Capitalist production is not merely the production of commodities, it is, by its very essence, the production of surplus-value. The worker produces not for himself, but for capital. It is no longer sufficent, therefore, for him simply to produce. He must produce surplus-value. The only worker who is productive is one who produces surplus-value for the capitalist, or in other words contributes towards the self-valorization of capital. If we may take an example from outside the sphere of material production, a schoolmaster is a productive worker when, in addition to belabouring the heads of his pupils, he works himself into the ground to enrich the owner of the school. That the latter has laid out his capital in a teaching factory, instead of a sausage factory, makes no difference to the relation. The concept of a productive worker therefore implies not merely a relation between the activity of work and its useful effect, between the worker and the product of his work, but also a specifically social relation to production, a relation with a historical origin which stamps the worker as capital’s direct means of valorization. To be a productive worker is therefore not a piece of luck, but a misfortune.2
I come back to this quote a lot, because it captures how I feel sometimes, teaching for the wages that I do and comparing that to the cost of tuition my students are paying. I even turned it into an illustrated page of a zine I made on abolition and the university.3 For grad students—well, at least for myself—this picture of “productivity” as actually a misfortune hits close to home. We measure our days and our lives in terms of how productive we were. (“How was your day?” “Not so good, I wasn’t very productive.”) Productivity as a value becomes a kind of motivating habit of thought. It’s the motivation that drives us to “work ourselves into the ground” as Marx puts it.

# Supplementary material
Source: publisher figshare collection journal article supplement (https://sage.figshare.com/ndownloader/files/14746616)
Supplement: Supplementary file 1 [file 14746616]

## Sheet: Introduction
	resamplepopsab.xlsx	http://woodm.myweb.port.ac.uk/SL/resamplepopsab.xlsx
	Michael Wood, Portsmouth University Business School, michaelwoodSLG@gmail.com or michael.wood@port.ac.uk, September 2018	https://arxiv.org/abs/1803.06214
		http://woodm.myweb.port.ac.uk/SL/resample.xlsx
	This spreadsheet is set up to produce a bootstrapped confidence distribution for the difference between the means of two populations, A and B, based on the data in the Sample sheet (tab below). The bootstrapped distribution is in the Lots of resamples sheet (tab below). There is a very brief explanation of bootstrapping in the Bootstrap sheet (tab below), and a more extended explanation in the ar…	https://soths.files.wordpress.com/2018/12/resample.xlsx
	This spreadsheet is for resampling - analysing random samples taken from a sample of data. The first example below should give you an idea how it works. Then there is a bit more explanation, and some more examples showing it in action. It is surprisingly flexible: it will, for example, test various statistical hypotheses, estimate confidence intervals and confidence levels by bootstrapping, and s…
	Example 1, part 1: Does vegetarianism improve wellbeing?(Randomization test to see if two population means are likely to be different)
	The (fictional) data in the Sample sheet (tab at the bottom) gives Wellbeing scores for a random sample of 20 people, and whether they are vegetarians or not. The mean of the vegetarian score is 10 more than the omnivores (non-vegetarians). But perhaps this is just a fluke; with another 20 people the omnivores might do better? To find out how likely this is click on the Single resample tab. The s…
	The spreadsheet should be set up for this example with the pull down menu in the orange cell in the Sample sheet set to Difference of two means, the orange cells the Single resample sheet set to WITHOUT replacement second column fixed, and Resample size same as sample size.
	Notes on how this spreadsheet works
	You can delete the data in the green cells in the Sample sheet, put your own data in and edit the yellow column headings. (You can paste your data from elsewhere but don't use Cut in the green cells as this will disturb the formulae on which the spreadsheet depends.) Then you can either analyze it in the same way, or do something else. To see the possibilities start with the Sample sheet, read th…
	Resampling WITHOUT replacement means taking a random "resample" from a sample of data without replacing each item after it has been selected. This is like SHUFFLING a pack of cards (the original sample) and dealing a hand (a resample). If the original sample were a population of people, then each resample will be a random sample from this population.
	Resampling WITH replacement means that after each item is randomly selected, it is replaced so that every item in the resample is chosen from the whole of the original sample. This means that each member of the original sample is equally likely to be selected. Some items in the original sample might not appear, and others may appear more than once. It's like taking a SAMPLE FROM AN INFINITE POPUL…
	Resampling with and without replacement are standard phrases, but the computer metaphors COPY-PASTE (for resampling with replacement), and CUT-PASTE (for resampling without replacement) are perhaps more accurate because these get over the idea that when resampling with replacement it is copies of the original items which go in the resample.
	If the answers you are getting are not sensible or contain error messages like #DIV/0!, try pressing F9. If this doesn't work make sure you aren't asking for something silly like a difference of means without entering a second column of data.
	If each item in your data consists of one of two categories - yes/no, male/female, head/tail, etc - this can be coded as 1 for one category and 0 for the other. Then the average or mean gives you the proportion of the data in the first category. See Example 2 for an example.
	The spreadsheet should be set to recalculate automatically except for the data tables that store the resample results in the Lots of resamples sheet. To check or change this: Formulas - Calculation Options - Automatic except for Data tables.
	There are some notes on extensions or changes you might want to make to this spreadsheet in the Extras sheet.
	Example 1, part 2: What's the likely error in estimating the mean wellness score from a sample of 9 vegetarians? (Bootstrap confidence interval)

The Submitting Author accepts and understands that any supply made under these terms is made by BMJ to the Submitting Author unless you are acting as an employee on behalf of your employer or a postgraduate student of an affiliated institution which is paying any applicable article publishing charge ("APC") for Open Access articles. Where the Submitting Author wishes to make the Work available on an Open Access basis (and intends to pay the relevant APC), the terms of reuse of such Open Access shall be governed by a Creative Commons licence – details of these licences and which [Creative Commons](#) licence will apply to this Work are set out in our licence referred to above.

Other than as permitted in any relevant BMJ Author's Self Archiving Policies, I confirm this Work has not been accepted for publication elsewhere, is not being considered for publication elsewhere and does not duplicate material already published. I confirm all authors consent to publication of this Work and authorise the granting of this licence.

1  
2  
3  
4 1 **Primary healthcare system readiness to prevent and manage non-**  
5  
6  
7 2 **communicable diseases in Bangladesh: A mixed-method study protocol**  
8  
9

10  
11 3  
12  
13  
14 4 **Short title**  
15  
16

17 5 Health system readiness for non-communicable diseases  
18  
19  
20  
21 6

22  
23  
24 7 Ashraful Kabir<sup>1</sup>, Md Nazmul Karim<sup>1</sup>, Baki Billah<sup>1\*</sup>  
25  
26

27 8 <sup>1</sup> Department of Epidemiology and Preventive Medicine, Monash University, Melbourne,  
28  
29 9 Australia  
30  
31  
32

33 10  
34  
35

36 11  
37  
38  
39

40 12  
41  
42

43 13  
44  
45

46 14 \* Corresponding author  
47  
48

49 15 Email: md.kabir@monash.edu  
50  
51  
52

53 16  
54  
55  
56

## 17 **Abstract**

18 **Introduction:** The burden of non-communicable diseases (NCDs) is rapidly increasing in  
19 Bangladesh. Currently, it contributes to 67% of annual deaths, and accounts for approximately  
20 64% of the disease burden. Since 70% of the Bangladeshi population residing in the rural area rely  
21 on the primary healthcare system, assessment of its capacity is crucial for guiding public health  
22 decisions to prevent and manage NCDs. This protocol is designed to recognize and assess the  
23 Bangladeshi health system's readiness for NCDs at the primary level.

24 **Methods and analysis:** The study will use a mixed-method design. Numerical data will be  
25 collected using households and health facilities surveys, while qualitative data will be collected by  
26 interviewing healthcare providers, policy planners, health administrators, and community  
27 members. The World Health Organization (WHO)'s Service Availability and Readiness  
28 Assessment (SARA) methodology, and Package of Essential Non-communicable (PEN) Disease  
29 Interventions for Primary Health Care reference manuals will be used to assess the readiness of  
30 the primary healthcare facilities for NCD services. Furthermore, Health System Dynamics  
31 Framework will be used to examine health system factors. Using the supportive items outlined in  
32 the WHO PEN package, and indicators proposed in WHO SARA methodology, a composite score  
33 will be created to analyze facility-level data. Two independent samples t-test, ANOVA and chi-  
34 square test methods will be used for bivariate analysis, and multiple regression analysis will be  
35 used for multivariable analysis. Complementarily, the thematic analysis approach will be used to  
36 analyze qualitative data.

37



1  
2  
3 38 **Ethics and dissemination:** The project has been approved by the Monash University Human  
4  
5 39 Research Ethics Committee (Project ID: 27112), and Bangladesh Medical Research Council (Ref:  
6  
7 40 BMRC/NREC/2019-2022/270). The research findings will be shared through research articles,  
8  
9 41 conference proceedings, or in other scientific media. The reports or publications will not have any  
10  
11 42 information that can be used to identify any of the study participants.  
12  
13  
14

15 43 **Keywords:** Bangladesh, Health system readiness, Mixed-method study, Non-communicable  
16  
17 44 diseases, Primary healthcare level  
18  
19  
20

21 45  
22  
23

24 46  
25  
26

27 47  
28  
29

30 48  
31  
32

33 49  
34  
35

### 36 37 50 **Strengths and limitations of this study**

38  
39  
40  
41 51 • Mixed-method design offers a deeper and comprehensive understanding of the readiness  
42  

Marx’s iteration of the university (or, rather more generally, a school) as a “teaching factory” draws an instructive equivalence between educational institutions and other factories of production. The similarity lies in their capitalist structure: these institutions have owners who benefit from the value produced by laborers who are themselves alienated from that value.
Like Kant’s account, Marx’s highlights the division of labor in the university, but for Marx, this division has less to do with the categories of instructional content and more to do with property relations: to whom does production belong? Marx’s account does not treat education as a public good, because the capitalist structure of educational institutions precludes that. Instead, education like wool coats is a commodity produced by labor and transformed into surplus value that slides seamlessly into the pocket of the school’s capitalist owner. The university as an institution does not primarily produce social order but instead emerges from a social order and is composed along the same political-economic lines that define that social order.
Horkheimer and Adorno
Max Horkheimer and Theodor Adorno, writing in 1947, take the Marxist analysis of capitalist alienation in a somewhat different direction. Rather than simply reflecting the kind of exploitation that happens in factory production, universities reproduce that exploitation by lending it philosophical legitimacy:
The exclusivity of logical laws stems from this obdurate adherence to function and ultimately from the compulsive character of self-preservation. The latter is constantly magnified into the choice between survival and doom, a choice which is reflected even in the principle that, of two contradictory propositions, only one can be true and the other false. The formalism of this principle and the entire logic established around it stem from the opacity and entanglement of interests in a society in which the maintenance of forms and the preservation of individuals only fortuitously coincide. The expulsion of thought from logic ratifies in the lecture hall the reification of human beings in factory and office. In this way the taboo encroaches on the power imposing it, enlightenment on mind, which it itself is.4